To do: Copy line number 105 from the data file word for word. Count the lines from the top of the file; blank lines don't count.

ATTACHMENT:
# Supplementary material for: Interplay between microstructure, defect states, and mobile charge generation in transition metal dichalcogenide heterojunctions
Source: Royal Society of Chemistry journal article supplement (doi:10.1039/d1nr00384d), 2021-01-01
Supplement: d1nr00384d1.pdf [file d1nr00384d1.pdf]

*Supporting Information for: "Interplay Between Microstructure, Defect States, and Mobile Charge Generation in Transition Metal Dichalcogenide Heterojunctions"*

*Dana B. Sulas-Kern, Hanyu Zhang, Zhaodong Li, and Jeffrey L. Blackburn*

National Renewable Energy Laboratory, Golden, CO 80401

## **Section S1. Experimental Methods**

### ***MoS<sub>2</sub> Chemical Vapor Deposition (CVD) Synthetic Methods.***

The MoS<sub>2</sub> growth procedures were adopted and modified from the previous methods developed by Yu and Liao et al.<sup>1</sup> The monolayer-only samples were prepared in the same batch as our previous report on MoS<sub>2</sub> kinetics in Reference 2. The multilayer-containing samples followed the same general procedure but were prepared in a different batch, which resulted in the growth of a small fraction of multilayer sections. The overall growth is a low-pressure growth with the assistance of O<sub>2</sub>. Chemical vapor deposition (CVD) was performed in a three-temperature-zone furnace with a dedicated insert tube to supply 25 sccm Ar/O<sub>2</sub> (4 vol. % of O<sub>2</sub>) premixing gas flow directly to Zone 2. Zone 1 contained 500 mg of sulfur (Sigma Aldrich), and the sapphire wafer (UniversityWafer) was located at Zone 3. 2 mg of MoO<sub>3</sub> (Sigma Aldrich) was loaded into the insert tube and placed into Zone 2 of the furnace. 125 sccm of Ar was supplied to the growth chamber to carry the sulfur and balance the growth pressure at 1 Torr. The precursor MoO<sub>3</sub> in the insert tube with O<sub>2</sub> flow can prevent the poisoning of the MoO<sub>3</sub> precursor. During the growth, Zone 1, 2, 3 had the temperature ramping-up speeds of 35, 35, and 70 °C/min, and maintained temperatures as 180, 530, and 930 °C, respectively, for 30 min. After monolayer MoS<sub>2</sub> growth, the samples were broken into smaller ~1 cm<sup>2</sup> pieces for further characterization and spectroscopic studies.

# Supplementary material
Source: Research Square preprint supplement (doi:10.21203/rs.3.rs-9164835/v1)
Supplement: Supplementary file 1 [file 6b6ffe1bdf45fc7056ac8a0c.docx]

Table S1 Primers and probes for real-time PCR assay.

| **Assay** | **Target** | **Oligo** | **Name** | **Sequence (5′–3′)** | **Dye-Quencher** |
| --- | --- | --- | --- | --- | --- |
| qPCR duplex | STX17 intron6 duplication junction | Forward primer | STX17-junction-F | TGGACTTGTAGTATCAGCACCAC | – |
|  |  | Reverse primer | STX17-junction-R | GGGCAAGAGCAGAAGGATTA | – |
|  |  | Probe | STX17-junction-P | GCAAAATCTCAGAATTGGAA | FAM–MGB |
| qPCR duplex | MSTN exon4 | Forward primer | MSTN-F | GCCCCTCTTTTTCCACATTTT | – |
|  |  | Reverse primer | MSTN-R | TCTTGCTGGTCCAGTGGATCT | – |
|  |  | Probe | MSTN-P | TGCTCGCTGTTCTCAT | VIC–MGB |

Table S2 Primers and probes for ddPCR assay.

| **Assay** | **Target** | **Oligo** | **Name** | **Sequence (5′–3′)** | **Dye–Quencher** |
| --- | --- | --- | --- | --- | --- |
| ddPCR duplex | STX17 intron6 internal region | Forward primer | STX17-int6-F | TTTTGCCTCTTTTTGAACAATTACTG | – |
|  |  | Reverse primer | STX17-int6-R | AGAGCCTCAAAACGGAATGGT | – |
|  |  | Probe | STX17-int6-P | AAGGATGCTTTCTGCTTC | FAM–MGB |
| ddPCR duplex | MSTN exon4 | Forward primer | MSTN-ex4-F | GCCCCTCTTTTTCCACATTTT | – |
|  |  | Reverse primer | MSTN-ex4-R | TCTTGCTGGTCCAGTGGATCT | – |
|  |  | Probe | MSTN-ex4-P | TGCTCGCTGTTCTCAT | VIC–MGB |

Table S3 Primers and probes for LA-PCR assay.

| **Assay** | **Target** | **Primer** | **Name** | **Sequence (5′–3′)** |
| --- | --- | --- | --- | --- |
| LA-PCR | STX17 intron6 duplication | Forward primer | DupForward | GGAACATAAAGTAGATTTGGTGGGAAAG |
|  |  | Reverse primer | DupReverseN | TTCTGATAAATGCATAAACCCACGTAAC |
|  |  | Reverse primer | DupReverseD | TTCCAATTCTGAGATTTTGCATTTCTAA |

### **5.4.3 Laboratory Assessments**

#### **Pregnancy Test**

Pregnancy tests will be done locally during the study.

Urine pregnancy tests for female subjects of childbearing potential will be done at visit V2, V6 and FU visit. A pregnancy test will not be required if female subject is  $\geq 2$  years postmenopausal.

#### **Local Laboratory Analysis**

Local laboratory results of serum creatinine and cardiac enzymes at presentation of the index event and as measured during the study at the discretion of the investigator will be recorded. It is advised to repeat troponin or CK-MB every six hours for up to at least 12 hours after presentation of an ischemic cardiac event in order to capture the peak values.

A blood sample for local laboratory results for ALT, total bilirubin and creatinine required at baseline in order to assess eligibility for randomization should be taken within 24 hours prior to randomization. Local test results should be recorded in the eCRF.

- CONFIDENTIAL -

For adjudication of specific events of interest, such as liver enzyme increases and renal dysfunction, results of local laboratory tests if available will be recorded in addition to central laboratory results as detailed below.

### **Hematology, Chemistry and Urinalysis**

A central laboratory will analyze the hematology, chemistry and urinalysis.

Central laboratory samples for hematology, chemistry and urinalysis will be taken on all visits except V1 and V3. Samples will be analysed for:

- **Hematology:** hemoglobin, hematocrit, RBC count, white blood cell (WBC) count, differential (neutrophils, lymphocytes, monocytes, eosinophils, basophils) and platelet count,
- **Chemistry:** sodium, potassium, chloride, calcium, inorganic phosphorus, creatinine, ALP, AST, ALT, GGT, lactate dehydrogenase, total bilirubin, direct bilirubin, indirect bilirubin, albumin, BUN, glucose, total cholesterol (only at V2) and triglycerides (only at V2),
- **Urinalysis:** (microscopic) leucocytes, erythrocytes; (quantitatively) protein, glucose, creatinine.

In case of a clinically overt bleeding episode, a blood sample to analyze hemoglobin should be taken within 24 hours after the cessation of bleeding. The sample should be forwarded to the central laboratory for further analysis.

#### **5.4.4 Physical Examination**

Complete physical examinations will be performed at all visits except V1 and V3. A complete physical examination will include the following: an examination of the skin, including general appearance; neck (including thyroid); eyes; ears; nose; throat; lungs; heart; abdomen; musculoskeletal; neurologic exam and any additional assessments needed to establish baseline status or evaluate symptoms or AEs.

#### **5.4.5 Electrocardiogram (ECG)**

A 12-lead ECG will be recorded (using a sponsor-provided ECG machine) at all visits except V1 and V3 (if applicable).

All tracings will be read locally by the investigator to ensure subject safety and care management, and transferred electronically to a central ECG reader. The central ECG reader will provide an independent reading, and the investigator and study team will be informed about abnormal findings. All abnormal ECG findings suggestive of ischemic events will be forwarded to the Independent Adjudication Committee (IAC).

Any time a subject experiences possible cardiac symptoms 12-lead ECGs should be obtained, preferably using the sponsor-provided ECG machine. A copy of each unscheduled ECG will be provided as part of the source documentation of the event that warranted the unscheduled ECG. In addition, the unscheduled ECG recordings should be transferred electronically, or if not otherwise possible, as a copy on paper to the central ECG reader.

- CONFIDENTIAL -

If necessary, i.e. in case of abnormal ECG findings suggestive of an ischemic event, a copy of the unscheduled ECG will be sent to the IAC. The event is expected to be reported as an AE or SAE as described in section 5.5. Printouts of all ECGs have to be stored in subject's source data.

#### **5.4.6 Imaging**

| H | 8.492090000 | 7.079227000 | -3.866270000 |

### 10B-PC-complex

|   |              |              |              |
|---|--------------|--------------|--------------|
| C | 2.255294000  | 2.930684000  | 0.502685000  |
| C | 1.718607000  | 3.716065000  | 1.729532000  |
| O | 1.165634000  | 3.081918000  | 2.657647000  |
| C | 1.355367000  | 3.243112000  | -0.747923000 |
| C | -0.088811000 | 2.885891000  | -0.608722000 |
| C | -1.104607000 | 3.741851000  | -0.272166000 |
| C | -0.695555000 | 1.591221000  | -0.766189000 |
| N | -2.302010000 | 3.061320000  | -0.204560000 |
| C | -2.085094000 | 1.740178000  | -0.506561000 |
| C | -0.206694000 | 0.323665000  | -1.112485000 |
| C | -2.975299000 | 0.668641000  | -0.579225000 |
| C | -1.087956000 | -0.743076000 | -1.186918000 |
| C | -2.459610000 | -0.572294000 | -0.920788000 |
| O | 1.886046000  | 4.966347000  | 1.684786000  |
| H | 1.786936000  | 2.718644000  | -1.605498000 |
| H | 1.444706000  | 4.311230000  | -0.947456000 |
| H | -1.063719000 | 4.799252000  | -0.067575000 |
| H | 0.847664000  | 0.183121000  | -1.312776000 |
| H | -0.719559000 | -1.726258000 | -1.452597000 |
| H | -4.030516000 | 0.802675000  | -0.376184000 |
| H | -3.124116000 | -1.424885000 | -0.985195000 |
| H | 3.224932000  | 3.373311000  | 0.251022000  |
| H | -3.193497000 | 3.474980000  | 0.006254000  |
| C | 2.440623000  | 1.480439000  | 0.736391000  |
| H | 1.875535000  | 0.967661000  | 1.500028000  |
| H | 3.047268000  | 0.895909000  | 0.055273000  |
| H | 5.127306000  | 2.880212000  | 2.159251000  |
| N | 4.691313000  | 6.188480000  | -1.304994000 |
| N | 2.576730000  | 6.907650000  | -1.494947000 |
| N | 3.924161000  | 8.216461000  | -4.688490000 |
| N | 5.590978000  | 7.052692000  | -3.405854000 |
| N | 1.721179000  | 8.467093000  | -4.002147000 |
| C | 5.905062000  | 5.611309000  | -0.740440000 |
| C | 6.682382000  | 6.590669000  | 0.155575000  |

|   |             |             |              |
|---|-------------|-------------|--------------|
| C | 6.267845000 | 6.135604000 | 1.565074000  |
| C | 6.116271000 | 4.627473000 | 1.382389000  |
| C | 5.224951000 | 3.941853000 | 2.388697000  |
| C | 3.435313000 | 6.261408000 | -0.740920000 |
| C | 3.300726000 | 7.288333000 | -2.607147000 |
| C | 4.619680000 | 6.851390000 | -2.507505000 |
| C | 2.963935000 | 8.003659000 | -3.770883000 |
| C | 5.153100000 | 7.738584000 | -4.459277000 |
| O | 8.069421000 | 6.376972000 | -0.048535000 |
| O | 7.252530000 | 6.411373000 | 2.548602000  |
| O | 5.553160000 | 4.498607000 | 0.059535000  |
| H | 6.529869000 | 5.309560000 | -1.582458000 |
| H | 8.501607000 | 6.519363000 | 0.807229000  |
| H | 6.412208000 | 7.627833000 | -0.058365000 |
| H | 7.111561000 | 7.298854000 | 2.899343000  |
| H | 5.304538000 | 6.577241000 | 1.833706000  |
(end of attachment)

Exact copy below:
| C | 3.435313000 | 6.261408000 | -0.740920000 |